Alhajuela is a large lake ecosystem and is home to a population of jicoteas, or river turtles.
The green waters of this home extend over an area of approximately 44 square kilometers, surrounded by an intricate tropical forest, in the Canal Watershed. This artificial reservoir is located in the mountainous geography of the western part of the provinces of Panama and Colon, and can store about 800 million cubic meters of water, which come mainly from the Chagres, Boqueron and Pequeni rivers.
The most outstanding thing about the jicoteas – and all the fauna of the lake – is that they managed to conquer a new aquatic environment created by man in 1934 and took advantage of the potential to make it their new home.
Turtles have inhabited the planet for approximately 220 million years and are much older reptiles than snakes and lizards. Their solid shell protects their internal organs and is their most remarkable adaptive feature.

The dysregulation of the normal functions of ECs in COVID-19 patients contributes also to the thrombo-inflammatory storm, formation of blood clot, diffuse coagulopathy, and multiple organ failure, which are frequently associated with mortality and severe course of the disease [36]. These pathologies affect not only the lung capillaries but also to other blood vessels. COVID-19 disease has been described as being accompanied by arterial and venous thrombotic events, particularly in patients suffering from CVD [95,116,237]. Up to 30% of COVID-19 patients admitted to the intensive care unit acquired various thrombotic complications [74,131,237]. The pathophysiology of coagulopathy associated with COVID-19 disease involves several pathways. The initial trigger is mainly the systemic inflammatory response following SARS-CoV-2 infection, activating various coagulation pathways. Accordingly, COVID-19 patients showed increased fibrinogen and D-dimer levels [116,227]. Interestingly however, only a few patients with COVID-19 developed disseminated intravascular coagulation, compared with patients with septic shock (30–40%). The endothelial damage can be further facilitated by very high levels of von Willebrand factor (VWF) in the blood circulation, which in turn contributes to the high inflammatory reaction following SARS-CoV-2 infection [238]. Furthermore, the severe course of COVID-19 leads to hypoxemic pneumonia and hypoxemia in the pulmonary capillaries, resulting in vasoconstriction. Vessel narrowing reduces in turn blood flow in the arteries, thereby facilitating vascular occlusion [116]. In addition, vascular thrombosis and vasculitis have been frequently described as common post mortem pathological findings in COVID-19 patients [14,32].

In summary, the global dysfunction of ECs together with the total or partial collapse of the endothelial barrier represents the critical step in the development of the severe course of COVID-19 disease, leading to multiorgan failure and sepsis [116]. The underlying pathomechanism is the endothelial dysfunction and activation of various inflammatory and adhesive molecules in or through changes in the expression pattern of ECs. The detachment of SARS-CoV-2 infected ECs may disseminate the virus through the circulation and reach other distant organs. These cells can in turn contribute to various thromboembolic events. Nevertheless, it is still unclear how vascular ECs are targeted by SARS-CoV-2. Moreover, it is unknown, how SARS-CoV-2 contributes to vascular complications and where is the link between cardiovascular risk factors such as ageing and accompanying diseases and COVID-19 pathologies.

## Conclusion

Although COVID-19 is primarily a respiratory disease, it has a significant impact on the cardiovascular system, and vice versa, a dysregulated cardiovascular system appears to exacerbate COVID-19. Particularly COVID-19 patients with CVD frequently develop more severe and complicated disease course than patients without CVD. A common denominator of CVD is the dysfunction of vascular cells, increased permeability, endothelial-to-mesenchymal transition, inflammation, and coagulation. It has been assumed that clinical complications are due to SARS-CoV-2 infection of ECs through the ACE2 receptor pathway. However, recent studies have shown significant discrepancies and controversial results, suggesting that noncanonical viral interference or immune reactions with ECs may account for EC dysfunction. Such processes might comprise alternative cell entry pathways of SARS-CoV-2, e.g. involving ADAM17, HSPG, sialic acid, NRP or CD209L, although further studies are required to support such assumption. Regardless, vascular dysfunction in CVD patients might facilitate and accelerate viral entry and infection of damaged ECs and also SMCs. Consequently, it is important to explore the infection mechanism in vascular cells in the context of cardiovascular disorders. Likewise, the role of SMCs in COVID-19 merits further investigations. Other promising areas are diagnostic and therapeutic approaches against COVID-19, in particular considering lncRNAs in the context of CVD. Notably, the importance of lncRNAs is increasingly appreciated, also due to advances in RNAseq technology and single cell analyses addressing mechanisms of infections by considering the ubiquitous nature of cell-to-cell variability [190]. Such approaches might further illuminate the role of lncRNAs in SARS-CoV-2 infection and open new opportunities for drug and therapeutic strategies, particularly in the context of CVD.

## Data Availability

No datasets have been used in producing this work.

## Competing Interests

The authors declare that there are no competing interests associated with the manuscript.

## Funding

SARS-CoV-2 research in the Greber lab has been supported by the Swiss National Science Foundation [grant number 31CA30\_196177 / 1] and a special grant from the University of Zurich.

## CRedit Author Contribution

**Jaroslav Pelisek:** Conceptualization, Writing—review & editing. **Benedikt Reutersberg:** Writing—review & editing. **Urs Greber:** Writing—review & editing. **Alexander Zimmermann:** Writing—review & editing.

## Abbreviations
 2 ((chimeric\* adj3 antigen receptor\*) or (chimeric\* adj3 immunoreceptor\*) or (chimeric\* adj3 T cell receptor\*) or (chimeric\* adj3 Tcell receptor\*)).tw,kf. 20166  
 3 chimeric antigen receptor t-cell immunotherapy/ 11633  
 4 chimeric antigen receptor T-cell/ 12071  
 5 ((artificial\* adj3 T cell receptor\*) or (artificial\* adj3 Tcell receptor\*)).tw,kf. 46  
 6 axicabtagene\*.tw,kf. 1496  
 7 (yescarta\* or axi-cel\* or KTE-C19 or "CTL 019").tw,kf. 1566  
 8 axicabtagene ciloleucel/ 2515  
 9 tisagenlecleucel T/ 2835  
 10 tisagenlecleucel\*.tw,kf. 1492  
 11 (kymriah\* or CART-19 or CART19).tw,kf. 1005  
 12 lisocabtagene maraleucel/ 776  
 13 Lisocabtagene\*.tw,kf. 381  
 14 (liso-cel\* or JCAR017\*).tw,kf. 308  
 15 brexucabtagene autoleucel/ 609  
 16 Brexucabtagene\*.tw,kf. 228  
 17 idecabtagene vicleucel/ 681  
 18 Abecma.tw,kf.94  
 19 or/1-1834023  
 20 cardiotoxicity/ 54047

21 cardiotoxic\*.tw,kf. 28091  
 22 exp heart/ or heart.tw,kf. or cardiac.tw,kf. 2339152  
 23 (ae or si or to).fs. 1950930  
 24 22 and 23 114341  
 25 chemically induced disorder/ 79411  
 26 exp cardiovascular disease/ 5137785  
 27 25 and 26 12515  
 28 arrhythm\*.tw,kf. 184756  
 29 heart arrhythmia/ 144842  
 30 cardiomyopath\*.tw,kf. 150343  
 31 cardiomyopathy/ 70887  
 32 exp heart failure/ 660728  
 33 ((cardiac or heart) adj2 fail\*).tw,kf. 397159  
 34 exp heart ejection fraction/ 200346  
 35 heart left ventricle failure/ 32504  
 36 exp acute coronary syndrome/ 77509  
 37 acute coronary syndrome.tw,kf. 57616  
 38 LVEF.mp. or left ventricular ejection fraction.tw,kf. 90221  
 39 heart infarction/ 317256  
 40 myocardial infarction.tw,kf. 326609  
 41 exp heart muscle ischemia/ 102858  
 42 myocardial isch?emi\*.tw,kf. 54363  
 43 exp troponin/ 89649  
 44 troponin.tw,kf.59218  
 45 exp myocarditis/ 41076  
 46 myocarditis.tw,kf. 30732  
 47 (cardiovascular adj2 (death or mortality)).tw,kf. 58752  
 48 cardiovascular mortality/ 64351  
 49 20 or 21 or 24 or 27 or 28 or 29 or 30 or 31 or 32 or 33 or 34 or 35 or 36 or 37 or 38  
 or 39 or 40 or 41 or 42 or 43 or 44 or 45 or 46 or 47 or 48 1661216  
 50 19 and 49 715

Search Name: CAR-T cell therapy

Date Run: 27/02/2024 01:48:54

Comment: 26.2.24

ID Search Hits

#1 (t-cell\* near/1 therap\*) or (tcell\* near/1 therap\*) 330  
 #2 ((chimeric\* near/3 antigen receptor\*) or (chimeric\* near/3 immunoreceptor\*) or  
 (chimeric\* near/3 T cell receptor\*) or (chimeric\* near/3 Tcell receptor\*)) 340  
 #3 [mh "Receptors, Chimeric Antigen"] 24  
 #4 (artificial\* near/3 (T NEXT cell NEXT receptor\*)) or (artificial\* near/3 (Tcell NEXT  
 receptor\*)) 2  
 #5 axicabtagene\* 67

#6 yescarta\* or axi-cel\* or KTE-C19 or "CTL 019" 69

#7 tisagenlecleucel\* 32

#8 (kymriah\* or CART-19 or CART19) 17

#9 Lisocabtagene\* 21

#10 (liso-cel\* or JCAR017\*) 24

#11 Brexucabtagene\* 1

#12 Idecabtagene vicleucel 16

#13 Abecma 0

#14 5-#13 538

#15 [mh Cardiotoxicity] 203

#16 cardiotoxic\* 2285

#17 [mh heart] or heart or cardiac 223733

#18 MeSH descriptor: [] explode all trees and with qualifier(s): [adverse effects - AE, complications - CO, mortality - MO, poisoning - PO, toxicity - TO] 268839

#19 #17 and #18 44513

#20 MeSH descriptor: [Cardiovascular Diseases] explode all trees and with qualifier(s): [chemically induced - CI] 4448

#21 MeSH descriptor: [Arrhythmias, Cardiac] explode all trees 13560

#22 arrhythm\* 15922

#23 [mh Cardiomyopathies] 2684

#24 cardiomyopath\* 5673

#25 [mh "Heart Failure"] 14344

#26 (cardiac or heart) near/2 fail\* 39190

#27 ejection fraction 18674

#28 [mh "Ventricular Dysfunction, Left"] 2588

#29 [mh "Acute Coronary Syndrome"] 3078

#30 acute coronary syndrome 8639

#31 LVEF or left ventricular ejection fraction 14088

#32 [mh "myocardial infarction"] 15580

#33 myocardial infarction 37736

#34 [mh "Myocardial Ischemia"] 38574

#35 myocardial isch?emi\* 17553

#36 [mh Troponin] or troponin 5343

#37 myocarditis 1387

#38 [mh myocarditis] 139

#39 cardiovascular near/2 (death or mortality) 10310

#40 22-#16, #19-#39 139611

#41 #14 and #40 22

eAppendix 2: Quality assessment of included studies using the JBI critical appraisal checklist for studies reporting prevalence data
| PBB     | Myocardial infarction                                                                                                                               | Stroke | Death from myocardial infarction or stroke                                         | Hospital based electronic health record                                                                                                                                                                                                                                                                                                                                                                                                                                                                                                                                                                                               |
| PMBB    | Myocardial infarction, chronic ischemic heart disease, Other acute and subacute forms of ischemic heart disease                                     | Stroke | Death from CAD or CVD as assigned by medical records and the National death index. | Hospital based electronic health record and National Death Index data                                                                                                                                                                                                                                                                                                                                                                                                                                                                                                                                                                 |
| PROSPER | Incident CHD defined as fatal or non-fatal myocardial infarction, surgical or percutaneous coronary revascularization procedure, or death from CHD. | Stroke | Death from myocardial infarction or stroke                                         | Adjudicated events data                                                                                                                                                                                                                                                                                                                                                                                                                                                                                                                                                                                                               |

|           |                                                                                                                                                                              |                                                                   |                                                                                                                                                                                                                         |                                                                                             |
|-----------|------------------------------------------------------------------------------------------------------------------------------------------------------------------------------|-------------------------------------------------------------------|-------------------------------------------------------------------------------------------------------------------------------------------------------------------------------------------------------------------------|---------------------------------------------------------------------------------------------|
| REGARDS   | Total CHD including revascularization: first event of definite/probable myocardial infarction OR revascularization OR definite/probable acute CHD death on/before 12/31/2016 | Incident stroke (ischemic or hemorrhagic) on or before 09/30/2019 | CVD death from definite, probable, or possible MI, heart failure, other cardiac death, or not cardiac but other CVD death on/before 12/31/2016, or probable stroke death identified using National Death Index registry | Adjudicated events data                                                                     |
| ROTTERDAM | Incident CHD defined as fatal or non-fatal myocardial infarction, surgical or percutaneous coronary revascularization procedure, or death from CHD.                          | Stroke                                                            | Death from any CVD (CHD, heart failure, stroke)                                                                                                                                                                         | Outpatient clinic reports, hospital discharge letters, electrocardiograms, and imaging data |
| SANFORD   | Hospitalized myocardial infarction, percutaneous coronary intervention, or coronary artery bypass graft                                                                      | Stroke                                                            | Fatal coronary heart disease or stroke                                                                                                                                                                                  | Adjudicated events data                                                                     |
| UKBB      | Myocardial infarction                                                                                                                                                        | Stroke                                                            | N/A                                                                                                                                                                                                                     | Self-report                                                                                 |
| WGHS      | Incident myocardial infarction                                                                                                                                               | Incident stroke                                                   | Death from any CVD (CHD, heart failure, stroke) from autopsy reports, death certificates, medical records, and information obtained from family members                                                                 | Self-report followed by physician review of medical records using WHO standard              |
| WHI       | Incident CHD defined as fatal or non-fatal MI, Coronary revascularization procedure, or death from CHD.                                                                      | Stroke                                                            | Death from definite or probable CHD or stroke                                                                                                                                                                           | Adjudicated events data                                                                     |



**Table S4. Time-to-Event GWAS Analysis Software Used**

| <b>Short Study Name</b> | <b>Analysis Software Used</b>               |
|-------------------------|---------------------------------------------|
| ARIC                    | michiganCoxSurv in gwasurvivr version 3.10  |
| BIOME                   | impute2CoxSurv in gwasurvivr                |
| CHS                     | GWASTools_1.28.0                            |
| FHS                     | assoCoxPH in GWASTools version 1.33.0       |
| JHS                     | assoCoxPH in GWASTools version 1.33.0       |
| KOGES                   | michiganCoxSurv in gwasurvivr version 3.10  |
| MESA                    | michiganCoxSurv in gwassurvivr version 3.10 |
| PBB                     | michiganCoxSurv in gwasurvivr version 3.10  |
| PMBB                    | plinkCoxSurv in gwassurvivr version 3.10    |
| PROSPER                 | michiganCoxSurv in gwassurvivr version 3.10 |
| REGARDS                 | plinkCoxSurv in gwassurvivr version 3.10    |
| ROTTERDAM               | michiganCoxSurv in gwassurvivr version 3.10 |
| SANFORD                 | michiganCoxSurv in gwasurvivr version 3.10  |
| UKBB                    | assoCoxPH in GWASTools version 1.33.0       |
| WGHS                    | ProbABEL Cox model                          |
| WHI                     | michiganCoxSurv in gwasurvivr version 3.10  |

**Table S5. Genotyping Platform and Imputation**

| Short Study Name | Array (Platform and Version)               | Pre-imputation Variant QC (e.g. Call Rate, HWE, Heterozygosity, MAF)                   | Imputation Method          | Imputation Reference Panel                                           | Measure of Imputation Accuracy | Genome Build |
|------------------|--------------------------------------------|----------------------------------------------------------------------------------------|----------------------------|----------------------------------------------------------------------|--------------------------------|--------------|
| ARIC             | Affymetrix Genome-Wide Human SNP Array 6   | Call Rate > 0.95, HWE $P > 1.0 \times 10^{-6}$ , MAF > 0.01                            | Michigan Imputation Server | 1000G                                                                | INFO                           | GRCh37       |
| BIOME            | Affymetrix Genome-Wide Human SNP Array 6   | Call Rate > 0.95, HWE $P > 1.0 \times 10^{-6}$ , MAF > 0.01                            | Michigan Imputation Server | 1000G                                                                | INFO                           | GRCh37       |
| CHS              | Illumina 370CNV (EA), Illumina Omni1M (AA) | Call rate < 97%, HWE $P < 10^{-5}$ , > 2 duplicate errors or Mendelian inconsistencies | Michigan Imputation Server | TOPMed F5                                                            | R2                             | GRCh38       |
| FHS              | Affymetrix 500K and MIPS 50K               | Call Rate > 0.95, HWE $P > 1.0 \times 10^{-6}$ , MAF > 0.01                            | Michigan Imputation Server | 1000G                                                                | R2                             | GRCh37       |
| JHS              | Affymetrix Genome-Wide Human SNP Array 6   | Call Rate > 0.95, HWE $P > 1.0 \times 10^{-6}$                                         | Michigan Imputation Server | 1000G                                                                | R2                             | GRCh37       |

Upon detecting any movement or noise, they disappear on the spot. They reproduce from December to May. During this period, they build their nests on the shore of the lake. The female buries her eggs in a sunny spot, lays up to 35 eggs per clutch and may deposit several clutches each year. After 70 days, the hatchlings hatch, but remain inside the nest until the first rains begin. The sex of the hatchlings depends on the temperature of the nest: if the temperature is high, females are born, and if it is low, males are born.
The main danger faced by the eggs and hatchlings are predators such as raccoons, hens, herons, and crocodiles. When they enter the water, the baby turtles hide among the underwater weeds and feed on dragonfly larvae and other insects, snails, fish, worms, shrimp, crabs, and plant material.
Jicoteas form an important part of the food chain in this body of water and are a dynamic element of the freshwater fauna of Lake Alhajuela.